Islam, which arose in the early seventh century C.E., is the last of the three monotheistic religions to join in the discussion of the nature of God and God’s requirements for human behavior. By this time, Judaism had developed several postbiblical forms, and Christianity had also divided into a number of doctrinally and regionally based communities. These Jewish and Christian communities were spread throughout the Near East, and many of them had active communities in Arabia at the time of the birth of Islam’s founder, Muhammad, in 570 C.E. As a result, Hebrew scriptures and Christian scriptures were known in Arabia through the filters and perspectives of the several Jewish and Christian communities that had, by this time, developed their own complex relationships with biblical law. It is not surprising, then, that the relationships between Islamic scripture and Islamic law and the Bible and biblical law are indirect, complex, and found in various genre locations in the Islamic traditions. For these reasons, direct comparisons between Islam and the Bible, either as Jewish scripture or as Christian scripture, are complicated and sometimes misleading; the Qur’an is not the same genre as the Bible and often stands as a commentary on the Bible. There is a substantial body of scholarly analysis comparing some parts of the Bible with the Qur’an, but most of the scholarship deals with the narrative, haggadic material and not with law as such. This article will discuss some of the issues involved in evaluating the role that biblical law plays in Islam and illustrate those issues with examples of the analytic problems.

Arabia and the Near East before Islam.

In the half millennium before the beginning of Islam in the early seventh century, Arabia was a location of religious and political contestation. Geographically, it formed a desert barrier between the Persian and Roman empires, since it extended northward beyond the Arabian Peninsula to the edges of the Fertile Crescent. Both empires tried in vain to conquer and subdue Arabia, the earliest example of which was the tragic failure of Gaius Aelius Gallus’s invasion of Arabia in the years 26 to 24 B.C.E. Both empires had to be content with limited control and influence through client tribes and mercenaries. With the destruction of the Second Temple in Jerusalem in 70 C.E. by the Romans, Jews fled to many regions of the ancient world including Arabia, where they established communities among the native Arabs. Jews became assimilated into all aspects of Arabian society and commerce, including farming, metal work, long-distance trade, and animal husbandry. Jews proselytized among the Arabs and formed towns that were predominantly or sometimes exclusively Jewish. There were numbers of Jews who were Bedouin and were members of Arab tribes that were partly polytheistic. The economic opportunities to raise camels and become part of the camel cavalries that were clients of the Persians and the Romans were a major part of pre-Islamic Arabian economic and social life, and Jews participated fully in this life. Members of some Arab polytheistic tribes are known to have converted to Judaism, so that Judaism was part of the fabric of the social and religious life in Arabia. The continuing Roman-Jewish wars of the third and fourth centuries added to the Jewish refugees who joined the existing communities in Arabia as safe havens from the turmoil in Roman-controlled territories of the Near East. The Apostle Paul’s journey to Arabia (Gal 1:17) was probably to contact members of these Jewish communities, many of whom harbored strong messianic beliefs. From the assimilation of the Jews into Arabian society, we see the linguistic assimilation of Hebrew and Aramaic religious terms into the dialect of Arabic in which the Qur’an was written. Such Islamic Arabic religious terms as ṣawm, “fasting,” ṣadaqah, “charity,” and ḥajj, “pilgrimage,” are indigenized into Arabic through the Hebrew/Aramaic vocabulary of these assimilated Jews. Accompanying those vocabulary items were the concepts of biblical ideas and practices.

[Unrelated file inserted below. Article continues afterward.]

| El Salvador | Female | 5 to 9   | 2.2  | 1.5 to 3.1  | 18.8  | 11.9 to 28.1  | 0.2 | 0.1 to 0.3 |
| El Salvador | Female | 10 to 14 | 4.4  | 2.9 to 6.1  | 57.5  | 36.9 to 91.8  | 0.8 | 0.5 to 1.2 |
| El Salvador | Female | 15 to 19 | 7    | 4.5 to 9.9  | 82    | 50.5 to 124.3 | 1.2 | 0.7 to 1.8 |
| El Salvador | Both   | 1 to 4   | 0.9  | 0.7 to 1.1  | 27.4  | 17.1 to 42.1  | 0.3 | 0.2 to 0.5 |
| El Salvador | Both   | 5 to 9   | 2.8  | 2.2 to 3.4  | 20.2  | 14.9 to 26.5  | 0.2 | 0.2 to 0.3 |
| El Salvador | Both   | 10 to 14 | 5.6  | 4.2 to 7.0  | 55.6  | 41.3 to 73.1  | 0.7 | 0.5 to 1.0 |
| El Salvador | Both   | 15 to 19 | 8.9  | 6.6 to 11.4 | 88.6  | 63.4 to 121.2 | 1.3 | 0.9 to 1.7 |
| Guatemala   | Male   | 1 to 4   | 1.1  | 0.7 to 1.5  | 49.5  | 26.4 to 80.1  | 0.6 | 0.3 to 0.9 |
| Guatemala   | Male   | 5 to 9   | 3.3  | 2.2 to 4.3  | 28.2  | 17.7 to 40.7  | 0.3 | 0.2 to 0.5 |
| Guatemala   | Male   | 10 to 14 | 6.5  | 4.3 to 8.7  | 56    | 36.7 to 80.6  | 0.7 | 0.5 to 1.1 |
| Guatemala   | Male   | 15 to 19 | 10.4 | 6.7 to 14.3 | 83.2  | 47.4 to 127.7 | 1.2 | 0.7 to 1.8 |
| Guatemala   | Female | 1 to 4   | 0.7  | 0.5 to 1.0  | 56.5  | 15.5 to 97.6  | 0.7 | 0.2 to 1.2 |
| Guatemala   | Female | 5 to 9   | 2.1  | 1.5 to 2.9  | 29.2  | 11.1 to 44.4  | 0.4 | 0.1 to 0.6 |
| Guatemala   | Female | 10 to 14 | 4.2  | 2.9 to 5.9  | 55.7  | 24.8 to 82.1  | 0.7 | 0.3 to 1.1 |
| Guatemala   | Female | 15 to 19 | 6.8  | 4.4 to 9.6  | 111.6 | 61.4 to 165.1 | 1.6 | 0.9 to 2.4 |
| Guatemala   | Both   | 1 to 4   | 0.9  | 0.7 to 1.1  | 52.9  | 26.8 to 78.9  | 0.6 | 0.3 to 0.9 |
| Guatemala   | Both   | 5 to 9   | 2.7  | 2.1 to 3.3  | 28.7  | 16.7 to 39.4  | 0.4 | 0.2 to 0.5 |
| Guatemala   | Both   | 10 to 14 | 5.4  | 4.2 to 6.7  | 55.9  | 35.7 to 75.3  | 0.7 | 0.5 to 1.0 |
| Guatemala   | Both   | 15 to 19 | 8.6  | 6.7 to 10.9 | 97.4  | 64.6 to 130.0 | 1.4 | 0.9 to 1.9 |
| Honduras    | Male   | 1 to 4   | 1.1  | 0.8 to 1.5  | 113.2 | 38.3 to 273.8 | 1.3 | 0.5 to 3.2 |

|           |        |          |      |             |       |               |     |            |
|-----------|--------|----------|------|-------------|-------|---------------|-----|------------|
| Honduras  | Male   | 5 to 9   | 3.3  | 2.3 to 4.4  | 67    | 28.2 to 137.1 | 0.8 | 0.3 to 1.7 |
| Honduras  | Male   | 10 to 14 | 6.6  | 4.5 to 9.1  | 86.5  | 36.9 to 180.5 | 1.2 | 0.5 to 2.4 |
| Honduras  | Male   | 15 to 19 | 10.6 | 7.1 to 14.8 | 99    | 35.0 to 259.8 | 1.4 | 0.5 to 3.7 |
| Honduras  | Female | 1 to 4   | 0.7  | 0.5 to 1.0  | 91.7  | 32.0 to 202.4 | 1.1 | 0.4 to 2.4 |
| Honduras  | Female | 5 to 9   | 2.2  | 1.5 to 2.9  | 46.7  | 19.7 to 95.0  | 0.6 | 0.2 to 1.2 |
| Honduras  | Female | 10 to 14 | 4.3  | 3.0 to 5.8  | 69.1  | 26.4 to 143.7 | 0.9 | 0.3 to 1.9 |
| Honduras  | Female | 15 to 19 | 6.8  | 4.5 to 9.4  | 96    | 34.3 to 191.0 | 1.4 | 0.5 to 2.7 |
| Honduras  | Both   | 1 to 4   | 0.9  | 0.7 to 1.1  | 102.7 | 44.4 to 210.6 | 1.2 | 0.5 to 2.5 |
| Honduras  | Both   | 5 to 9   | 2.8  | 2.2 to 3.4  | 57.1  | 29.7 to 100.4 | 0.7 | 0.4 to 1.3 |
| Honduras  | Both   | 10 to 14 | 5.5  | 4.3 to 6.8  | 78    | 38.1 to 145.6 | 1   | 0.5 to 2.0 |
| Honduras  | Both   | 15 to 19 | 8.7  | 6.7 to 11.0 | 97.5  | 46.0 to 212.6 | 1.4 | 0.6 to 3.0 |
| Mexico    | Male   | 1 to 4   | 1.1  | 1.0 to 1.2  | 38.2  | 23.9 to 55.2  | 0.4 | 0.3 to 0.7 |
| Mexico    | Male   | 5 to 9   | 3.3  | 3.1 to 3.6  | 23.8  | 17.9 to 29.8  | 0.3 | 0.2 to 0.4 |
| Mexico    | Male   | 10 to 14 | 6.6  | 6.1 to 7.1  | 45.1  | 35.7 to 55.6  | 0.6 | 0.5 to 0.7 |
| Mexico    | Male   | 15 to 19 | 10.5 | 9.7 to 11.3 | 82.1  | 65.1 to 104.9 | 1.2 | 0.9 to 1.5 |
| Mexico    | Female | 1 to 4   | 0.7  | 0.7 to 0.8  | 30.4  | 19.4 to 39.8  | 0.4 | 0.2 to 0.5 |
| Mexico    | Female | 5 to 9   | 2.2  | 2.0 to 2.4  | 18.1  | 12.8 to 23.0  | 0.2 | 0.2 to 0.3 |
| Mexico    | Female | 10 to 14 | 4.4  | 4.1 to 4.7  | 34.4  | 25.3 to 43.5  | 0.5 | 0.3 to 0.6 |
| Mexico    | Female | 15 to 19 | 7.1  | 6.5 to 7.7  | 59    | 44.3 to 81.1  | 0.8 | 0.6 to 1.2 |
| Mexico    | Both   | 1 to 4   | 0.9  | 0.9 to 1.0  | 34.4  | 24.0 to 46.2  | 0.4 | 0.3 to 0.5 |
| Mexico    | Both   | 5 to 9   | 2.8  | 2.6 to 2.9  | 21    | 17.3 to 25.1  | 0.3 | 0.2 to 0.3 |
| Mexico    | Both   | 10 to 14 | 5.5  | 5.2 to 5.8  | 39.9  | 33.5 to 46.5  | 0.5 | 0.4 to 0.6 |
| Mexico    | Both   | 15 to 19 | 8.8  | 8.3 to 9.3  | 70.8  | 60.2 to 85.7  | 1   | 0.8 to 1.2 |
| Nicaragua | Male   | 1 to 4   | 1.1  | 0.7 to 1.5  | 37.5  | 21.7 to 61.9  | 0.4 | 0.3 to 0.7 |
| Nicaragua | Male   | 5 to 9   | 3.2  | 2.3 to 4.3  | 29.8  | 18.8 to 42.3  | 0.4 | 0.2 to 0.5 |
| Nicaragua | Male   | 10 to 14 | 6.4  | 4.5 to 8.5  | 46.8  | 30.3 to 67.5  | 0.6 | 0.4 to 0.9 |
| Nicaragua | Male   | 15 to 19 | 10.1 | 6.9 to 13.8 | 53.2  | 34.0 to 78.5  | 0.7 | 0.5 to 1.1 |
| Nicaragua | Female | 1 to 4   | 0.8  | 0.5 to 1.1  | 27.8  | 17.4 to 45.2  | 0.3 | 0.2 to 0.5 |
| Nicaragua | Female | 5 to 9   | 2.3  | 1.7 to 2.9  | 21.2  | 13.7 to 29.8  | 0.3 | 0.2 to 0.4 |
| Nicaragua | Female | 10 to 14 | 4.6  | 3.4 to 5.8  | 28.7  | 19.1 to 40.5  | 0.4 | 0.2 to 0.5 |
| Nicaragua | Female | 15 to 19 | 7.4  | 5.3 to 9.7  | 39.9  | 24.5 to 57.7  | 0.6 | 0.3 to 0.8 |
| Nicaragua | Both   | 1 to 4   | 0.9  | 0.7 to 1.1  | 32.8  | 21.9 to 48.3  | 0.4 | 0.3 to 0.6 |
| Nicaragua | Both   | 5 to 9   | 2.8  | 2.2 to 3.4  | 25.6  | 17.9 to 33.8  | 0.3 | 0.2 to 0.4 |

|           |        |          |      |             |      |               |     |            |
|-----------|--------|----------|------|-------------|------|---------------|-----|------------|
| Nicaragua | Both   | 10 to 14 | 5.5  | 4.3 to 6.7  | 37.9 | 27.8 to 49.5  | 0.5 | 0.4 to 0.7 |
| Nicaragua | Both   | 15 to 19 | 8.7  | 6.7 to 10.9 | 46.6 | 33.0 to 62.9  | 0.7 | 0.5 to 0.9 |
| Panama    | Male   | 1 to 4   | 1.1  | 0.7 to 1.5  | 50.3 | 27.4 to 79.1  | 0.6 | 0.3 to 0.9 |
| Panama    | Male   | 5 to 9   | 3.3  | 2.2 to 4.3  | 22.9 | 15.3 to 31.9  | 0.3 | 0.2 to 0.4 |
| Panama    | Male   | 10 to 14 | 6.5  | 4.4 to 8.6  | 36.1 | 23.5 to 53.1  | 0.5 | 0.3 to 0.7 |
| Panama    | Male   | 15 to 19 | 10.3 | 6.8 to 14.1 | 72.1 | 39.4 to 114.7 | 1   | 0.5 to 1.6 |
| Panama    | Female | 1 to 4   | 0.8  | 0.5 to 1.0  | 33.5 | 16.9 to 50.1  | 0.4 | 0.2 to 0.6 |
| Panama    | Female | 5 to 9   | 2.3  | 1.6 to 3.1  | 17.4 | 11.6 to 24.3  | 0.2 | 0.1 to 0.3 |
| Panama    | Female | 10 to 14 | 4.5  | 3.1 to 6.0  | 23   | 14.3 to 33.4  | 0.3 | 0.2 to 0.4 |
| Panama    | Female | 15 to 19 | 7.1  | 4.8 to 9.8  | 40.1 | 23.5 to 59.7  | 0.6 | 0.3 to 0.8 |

Pre-Islamic Arabia became the home to Christian communities as well. The Christological controversies that made heretics of Nestorians, Jacobites, and Monophysites drove missionaries and refugees into Arabia, all seeking safe places for their communities and the promise of more influence at the next Church Council. Although these communities that were outside the control of Constantinople and Rome were technically heretics, they were nevertheless sponsored by the two great powers, Rome and Persia, as instruments of their imperial ambitions. Monophysites, chiefly the Copts in Egypt and Abyssinia, were supported by Rome, while the Nestorians, many of whom had fled to the Persian Empire, were under Persian state sponsorship. At the beginning of the sixth century C.E., southern Arabia was under the control of Persia thanks to Nestorian Christians and Jews, who also had sought Persian sponsorship against the power of the Byzantines who had kept them from Jerusalem and under persecution. By the time of Muhammad’s birth in 570 C.E., Abyssinian Copts, fierce rivals of the Nestorians, had taken most of Yemen and were threatening Mecca and the Hijaz with the help of Byzantine naval forces and subsidies.

At the time of Muhammad’s birth, conversion to any of the forms of Christianity or Judaism found in the East Mediterranean also meant converting to the political and social control of one or another of the two great empires, Persia or Rome. Religion and politics were topics of wide public interest, and it is clear that the Bible was known to Muhammad and his Arabian audience in some form. Jewish scripture was available to Muhammad and his companions because the Jews used to read the Torah (Arabic tawrâh) in Hebrew and then interpret it (Arabic fassara, cognate to Hebrew pešer) in Arabic. It is a matter of debate about the extent of an Arabic translation at this early date. The Christian Gospels were known primarily in the form of Tatian’s Diatessaron. There is little indication that the Pauline letters were included in the Arabic version of the injîl, which is the common name for Christian scripture in the Qur’an. A number of non-canonical gospels have parallel story elements in the Qur’an, including the Infancy Gospel of Thomas, the Protoevangelium of James, the Gospel of Thomas, and others, but the evidence is too scanty to ascertain a strong pre-Islamic Arabian canon or determine what books might have been included.